The U. S. mainland, where the Japanese have lent more than $25 billion to developers, is also becoming a wasteland. New York real estate circles are abuzz with rumors that builders are behind in payments on several Japanese-backed projects. And with $250 million of its $3 billion in California real estate loans listed as nonperforming, San Francisco's $17 billion Union Bank, 77%-owned by Bank of Tokyo Ltd., is hurting. In the third quarter, it took a $90 million provision against possible losses and saw earnings fall 87%, to $5 million.
WAIT AND SEE. Such problems still pale in comparison with some of the banks' difficulties with their own affiliates at home. During the '80s, many banks set up finance companies to handle risky credits they normally wouldn't touch. In short order, the banks funneled an astounding $312 billion through the affiliates to borrowers speculating on land, stocks, and even golf club memberships. Now, the banks are bailing the affiliates out. Take Japan Leasing Corp., 4.9% owned by Long-Term Credit Bank. With $1.5 billion of the company's $10.8 billion in loans gone bad, LTCB is seizing assets to raise cash. It has also lent Japan Leasing $2 billion.
Despite the growing problems, Japanese financial regulators have been surprisingly reluctant to order banks to begin a U. S.-style write-down of bad loans. In fact, the Finance Ministry actually discourages banks from taking charge-offs, thus leaving lenders free to paper over their problems. Instead, regulators are urging lenders to sell bad assets over several years to minimize their losses. "This strategy has always worked in the past," says analyst Marshall, "because land prices only fell once in the last 30 years."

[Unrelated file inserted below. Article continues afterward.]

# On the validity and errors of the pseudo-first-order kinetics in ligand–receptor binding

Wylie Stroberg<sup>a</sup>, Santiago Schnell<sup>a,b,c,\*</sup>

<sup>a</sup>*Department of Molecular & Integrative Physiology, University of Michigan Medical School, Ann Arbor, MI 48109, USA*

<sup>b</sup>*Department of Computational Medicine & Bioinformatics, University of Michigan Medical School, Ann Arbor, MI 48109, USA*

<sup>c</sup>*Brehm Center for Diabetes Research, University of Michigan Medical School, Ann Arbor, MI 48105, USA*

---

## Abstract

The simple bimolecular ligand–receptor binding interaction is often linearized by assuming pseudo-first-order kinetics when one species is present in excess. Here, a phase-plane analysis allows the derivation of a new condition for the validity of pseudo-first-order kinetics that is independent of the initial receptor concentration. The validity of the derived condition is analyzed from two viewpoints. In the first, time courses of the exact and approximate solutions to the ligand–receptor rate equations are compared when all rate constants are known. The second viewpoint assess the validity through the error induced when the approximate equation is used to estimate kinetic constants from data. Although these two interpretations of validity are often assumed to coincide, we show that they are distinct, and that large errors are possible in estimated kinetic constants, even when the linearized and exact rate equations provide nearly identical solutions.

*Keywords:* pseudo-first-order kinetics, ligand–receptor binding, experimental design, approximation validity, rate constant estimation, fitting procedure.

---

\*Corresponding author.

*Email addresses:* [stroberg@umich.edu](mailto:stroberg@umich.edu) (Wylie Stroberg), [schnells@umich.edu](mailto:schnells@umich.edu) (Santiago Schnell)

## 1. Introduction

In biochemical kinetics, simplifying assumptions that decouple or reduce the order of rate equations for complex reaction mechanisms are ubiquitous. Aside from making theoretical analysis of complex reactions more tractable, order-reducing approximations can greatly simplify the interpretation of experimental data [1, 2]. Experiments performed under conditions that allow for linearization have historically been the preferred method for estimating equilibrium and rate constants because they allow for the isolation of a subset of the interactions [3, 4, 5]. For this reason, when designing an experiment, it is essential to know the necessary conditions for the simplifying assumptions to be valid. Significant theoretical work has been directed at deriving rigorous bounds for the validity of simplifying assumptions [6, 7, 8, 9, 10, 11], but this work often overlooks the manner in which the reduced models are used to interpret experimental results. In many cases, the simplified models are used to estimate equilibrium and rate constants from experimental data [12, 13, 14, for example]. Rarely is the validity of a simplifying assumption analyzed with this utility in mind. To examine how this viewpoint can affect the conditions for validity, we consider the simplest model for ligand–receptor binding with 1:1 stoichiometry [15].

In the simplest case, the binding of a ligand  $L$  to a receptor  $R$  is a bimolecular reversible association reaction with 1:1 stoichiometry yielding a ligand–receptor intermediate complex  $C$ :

But will the strategy work again? Mieno's warnings against another property boom have kept a lid on real estate. And while big banks own $446 billion in corporate equities, enough to cover as much as 10% of their loans, they are reluctant to sell. The stocks cost only $226 billion. But large-scale disposals might inflict new damage on Tokyo's shaky stock market.
For now, the banks will try to tough it out in hopes that the Japanese economy and the international property market come back to life. "Time is the greatest cure," says John Z. Bulkeley, executive vice-president at Union Bank. But this cure is likely to take a lot longer -- and be a lot more unpleasant -- than any of Japan's lenders ever dreamed.Ted Holden in Tokyo, with Rick Daysog in Honolulu and William Glasgall in New York